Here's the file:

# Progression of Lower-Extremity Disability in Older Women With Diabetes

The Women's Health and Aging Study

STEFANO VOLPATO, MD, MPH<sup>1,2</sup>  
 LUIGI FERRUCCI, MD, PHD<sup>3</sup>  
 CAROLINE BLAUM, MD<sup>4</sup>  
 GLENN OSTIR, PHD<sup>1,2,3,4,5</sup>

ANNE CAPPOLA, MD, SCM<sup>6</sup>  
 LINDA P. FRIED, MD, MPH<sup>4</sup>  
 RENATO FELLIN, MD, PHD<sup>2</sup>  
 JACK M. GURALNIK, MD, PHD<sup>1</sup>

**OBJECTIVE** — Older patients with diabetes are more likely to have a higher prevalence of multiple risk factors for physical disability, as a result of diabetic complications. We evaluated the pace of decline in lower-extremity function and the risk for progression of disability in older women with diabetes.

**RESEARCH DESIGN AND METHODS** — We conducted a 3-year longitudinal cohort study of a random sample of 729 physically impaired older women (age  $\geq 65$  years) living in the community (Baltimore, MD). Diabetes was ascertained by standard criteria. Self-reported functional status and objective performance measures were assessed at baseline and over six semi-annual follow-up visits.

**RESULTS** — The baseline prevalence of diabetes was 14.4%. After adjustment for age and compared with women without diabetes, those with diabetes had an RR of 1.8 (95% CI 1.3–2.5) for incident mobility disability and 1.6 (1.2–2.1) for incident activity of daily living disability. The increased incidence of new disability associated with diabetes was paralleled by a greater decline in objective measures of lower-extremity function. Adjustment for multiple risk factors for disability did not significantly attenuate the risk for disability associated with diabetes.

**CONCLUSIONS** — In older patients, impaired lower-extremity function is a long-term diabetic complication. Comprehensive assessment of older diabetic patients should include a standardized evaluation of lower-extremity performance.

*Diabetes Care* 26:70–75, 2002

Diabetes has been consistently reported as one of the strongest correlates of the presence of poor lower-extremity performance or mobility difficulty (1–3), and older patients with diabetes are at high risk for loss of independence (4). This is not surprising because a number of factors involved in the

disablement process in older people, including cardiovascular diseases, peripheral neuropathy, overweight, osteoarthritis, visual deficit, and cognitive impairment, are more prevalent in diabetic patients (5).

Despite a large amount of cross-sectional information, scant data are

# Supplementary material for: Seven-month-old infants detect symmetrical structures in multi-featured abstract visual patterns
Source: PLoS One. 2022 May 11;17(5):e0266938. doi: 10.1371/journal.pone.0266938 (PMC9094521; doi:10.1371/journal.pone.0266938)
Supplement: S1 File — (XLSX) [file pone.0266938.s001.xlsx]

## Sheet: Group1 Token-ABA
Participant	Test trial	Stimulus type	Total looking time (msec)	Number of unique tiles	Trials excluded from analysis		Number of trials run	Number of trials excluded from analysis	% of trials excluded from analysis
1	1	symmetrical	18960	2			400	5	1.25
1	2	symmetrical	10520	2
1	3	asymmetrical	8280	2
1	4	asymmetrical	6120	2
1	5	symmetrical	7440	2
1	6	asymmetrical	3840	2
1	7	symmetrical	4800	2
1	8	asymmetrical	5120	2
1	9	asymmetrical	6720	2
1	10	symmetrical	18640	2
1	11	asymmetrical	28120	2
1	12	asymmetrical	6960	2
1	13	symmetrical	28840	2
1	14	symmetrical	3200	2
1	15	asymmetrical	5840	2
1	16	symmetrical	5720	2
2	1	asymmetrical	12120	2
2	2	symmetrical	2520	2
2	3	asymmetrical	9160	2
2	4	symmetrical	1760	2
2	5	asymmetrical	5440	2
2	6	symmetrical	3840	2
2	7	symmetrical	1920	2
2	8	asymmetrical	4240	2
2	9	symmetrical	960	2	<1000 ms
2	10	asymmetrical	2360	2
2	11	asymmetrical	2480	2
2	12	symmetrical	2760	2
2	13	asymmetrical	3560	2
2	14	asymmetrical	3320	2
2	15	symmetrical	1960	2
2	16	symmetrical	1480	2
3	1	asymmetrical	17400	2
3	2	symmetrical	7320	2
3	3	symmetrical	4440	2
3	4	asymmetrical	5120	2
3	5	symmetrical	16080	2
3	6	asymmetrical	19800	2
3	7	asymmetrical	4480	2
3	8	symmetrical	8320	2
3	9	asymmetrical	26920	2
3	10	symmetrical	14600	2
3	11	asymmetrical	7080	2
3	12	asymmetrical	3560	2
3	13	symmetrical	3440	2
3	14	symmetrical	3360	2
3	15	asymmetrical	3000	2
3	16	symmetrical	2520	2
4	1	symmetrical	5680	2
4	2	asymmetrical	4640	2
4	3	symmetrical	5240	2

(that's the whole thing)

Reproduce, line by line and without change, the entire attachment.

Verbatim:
# Progression of Lower-Extremity Disability in Older Women With Diabetes

The Women's Health and Aging Study

STEFANO VOLPATO, MD, MPH<sup>1,2</sup>  
 LUIGI FERRUCCI, MD, PHD<sup>3</sup>  
 CAROLINE BLAUM, MD<sup>4</sup>  
 GLENN OSTIR, PHD<sup>1,2,3,4,5</sup>

ANNE CAPPOLA, MD, SCM<sup>6</sup>  
 LINDA P. FRIED, MD, MPH<sup>4</sup>  
 RENATO FELLIN, MD, PHD<sup>2</sup>  
 JACK M. GURALNIK, MD, PHD<sup>1</sup>

**OBJECTIVE** — Older patients with diabetes are more likely to have a higher prevalence of multiple risk factors for physical disability, as a result of diabetic complications. We evaluated the pace of decline in lower-extremity function and the risk for progression of disability in older women with diabetes.

**RESEARCH DESIGN AND METHODS** — We conducted a 3-year longitudinal cohort study of a random sample of 729 physically impaired older women (age  $\geq 65$  years) living in the community (Baltimore, MD). Diabetes was ascertained by standard criteria. Self-reported functional status and objective performance measures were assessed at baseline and over six semi-annual follow-up visits.

**RESULTS** — The baseline prevalence of diabetes was 14.4%. After adjustment for age and compared with women without diabetes, those with diabetes had an RR of 1.8 (95% CI 1.3–2.5) for incident mobility disability and 1.6 (1.2–2.1) for incident activity of daily living disability. The increased incidence of new disability associated with diabetes was paralleled by a greater decline in objective measures of lower-extremity function. Adjustment for multiple risk factors for disability did not significantly attenuate the risk for disability associated with diabetes.

**CONCLUSIONS** — In older patients, impaired lower-extremity function is a long-term diabetic complication. Comprehensive assessment of older diabetic patients should include a standardized evaluation of lower-extremity performance.

*Diabetes Care* 26:70–75, 2002

Diabetes has been consistently reported as one of the strongest correlates of the presence of poor lower-extremity performance or mobility difficulty (1–3), and older patients with diabetes are at high risk for loss of independence (4). This is not surprising because a number of factors involved in the

disablement process in older people, including cardiovascular diseases, peripheral neuropathy, overweight, osteoarthritis, visual deficit, and cognitive impairment, are more prevalent in diabetic patients (5).

Despite a large amount of cross-sectional information, scant data are

# Supplementary material for: Seven-month-old infants detect symmetrical structures in multi-featured abstract visual patterns
Source: PLoS One. 2022 May 11;17(5):e0266938. doi: 10.1371/journal.pone.0266938 (PMC9094521; doi:10.1371/journal.pone.0266938)
Supplement: S1 File — (XLSX) [file pone.0266938.s001.xlsx]

## Sheet: Group1 Token-ABA
Participant	Test trial	Stimulus type	Total looking time (msec)	Number of unique tiles	Trials excluded from analysis		Number of trials run	Number of trials excluded from analysis	% of trials excluded from analysis
1	1	symmetrical	18960	2			400	5	1.25
1	2	symmetrical	10520	2
1	3	asymmetrical	8280	2
1	4	asymmetrical	6120	2
1	5	symmetrical	7440	2
1	6	asymmetrical	3840	2
1	7	symmetrical	4800	2
1	8	asymmetrical	5120	2
1	9	asymmetrical	6720	2
1	10	symmetrical	18640	2
1	11	asymmetrical	28120	2
1	12	asymmetrical	6960	2
1	13	symmetrical	28840	2
1	14	symmetrical	3200	2
1	15	asymmetrical	5840	2
1	16	symmetrical	5720	2
2	1	asymmetrical	12120	2
2	2	symmetrical	2520	2
2	3	asymmetrical	9160	2
2	4	symmetrical	1760	2
2	5	asymmetrical	5440	2
2	6	symmetrical	3840	2
2	7	symmetrical	1920	2
2	8	asymmetrical	4240	2
2	9	symmetrical	960	2	<1000 ms
2	10	asymmetrical	2360	2
2	11	asymmetrical	2480	2
2	12	symmetrical	2760	2
2	13	asymmetrical	3560	2
2	14	asymmetrical	3320	2
2	15	symmetrical	1960	2
2	16	symmetrical	1480	2
3	1	asymmetrical	17400	2
3	2	symmetrical	7320	2
3	3	symmetrical	4440	2
3	4	asymmetrical	5120	2
3	5	symmetrical	16080	2
3	6	asymmetrical	19800	2
3	7	asymmetrical	4480	2
3	8	symmetrical	8320	2
3	9	asymmetrical	26920	2
3	10	symmetrical	14600	2
3	11	asymmetrical	7080	2
3	12	asymmetrical	3560	2
3	13	symmetrical	3440	2
3	14	symmetrical	3360	2
3	15	asymmetrical	3000	2
3	16	symmetrical	2520	2
4	1	symmetrical	5680	2
4	2	asymmetrical	4640	2
4	3	symmetrical	5240	2